A lot of people want to know where I get ideas for my newsletter and how I’m able to write something half-way intelligent every weekday without fail.
They think its alchemy. An amalgam of pixie dust, good looks, and a lot of luck.
Not at all. I’ve simply trained my mind to produce a steady stream of ideas.
How? By a daily dose of reading and watching videos and taking notes.
A good percentage of what I write comes from reflecting on what others have written or said and putting my own take on it. Someone else thought it was an idea worth writing about and that’s often good enough for me.
But sometimes, often, actually, I start with something much simpler.
I’ll see a quote I like, hear an interesting statistic or fact, or, as I did yesterday, I’ll start by asking a question.
Yesterday, I asked myself, “Is it okay to tell a client you don’t know?”
Just a question. No article to play off of, no notes, no stories, no questions from subscribers, nada. And no idea what I would say or even what I thought about the subject.
I had the question in front of me. Other than that, I was naked.
Sometimes, I realize I have nothing to say about the subject and the idea goes back into the idea pile. And sometimes, a simple question is enough to ignite the kindling and before I can say Jumpin’ Jehosafats, I’ve written hundreds of words.
After I wrote down the question, I thought that admitting you don’t know tells a client you’re honest, not trying to fake things. It shows respect for the client. And I asked myself, “What if you should know the answer?” and “Doesn’t it make you look weak if you admit you don’t know?”
I had a place to start.
Naturally, I thought about how we tell clients not to guess, that unless they’re sure of their answer they should say they don’t know or don’t remember, and I had my lead.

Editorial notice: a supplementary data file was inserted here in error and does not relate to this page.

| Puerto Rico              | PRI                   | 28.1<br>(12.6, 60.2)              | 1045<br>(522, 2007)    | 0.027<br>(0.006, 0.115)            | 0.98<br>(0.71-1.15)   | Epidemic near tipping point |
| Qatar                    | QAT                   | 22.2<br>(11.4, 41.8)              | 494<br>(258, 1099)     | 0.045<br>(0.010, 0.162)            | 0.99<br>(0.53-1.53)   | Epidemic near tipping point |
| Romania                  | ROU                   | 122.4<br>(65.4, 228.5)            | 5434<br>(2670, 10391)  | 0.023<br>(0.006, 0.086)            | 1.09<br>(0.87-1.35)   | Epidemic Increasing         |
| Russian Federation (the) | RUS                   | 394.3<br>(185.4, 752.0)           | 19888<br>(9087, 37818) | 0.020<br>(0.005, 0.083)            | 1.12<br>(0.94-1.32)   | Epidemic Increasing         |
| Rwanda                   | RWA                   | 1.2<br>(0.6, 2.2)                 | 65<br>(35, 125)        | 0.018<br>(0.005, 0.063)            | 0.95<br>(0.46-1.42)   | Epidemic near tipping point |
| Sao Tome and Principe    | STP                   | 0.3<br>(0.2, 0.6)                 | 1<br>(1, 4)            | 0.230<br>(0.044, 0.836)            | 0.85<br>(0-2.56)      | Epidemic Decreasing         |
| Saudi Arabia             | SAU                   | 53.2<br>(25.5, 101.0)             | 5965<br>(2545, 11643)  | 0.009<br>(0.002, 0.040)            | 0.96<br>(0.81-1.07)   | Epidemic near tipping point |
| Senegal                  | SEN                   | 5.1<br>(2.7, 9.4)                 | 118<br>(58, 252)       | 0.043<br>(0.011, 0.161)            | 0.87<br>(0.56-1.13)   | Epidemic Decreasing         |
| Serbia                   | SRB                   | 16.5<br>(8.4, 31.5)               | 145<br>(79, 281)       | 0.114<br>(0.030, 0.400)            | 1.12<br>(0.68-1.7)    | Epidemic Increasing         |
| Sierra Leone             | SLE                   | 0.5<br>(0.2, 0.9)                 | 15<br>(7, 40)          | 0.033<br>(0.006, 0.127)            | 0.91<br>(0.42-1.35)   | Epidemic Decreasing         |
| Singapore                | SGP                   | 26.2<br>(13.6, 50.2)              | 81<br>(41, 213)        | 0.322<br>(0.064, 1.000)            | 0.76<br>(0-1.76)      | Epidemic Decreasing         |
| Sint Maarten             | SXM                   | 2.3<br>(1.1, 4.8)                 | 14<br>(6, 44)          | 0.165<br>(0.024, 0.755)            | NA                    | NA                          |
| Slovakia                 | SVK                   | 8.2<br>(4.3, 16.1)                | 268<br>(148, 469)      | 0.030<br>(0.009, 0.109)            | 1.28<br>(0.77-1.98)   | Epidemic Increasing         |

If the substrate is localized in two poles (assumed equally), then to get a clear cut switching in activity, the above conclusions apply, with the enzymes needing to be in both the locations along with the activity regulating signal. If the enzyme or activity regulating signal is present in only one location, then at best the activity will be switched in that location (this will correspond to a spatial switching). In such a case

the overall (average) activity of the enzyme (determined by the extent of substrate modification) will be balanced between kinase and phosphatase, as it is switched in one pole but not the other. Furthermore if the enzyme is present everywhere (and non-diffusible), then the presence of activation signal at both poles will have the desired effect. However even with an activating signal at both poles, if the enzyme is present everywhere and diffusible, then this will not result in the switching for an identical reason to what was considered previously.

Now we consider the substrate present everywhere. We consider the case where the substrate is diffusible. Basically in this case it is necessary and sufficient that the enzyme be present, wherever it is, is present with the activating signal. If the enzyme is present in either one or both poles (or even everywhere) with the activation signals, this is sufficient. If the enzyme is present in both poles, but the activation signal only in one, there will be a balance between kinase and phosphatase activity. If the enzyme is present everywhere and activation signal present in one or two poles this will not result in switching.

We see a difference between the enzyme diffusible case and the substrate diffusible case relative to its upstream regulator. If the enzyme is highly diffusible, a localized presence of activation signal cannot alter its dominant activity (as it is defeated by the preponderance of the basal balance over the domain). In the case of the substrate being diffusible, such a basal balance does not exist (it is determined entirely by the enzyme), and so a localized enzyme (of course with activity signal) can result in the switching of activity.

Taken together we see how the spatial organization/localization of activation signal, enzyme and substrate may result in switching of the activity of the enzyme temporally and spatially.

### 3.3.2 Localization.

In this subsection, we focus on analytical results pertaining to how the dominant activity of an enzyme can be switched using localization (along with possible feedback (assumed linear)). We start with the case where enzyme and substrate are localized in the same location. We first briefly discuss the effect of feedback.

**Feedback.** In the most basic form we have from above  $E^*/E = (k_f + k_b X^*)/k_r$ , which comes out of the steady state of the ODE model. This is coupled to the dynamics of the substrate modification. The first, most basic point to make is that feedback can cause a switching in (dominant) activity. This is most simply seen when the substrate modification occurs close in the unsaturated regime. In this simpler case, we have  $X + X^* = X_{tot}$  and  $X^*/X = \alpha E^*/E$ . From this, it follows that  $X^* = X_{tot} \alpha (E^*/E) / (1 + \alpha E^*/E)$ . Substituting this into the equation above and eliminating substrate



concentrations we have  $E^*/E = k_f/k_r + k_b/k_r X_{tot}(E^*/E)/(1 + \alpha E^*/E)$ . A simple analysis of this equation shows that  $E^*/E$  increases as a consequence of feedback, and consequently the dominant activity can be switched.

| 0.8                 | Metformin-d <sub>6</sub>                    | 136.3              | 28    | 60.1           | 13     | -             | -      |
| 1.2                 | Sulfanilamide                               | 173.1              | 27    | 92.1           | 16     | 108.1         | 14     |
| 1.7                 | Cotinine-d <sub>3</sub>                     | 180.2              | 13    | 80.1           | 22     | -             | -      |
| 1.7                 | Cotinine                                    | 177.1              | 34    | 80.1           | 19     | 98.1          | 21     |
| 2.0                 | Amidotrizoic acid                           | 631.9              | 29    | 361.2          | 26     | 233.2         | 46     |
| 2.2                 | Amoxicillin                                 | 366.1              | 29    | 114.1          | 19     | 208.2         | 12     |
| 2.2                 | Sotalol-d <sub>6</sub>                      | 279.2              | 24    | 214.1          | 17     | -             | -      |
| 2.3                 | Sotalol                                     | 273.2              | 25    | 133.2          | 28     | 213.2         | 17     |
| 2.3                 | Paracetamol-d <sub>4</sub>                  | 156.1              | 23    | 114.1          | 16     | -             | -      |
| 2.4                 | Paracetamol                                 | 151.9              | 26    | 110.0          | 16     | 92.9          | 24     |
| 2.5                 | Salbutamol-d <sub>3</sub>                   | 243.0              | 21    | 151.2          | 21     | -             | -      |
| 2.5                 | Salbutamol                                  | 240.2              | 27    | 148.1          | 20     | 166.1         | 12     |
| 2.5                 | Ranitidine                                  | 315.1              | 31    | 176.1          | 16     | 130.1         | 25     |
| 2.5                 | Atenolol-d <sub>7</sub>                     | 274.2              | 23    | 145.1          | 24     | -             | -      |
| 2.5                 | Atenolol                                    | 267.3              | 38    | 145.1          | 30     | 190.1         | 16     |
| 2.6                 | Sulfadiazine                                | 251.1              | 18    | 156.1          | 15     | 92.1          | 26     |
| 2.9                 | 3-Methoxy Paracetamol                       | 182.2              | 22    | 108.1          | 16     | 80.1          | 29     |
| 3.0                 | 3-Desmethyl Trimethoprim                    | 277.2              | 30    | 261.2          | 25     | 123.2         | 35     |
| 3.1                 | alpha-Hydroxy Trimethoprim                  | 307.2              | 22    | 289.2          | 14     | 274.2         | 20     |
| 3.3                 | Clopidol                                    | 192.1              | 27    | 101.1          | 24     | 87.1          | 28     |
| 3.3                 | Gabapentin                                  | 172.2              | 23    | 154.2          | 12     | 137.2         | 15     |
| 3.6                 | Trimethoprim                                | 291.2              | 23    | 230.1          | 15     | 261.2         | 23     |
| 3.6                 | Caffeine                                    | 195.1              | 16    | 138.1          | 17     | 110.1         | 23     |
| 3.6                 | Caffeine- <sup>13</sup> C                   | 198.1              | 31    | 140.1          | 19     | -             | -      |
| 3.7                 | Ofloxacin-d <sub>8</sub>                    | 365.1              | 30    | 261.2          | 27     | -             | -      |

The rest kind of wrote itself.
Because I basically asked and answered a few simple questions, put my fingers on the keyboard, and let my thoughts spill out of my head and onto the page.
If you’re not writing as often as you’d like to, this same “seat of the britches” method might work for you, too.
Try it. Write down a question that pops into your head, or a question a client asked you recently, or a quote or story or idea that catches your attention. Something you’re curious about and think other people might be, too.
Write it down, play with it on paper, and see where it takes you.
Imagine you’re writing to your mom, a good client, or a friend. Someone who will listen to you merely because its you. Say what you think about the subject or what you’d like to know.
You may be pleasantly surprised at how much you have to say.
If nothing happens, if your brain just won’t cooperate, let it go and try something else tomorrow.
Before you know it, you’ll be writing a post about where you get so many ideas and how you’re able to write so often.
How to get more writing ideas than you can shake a stick at here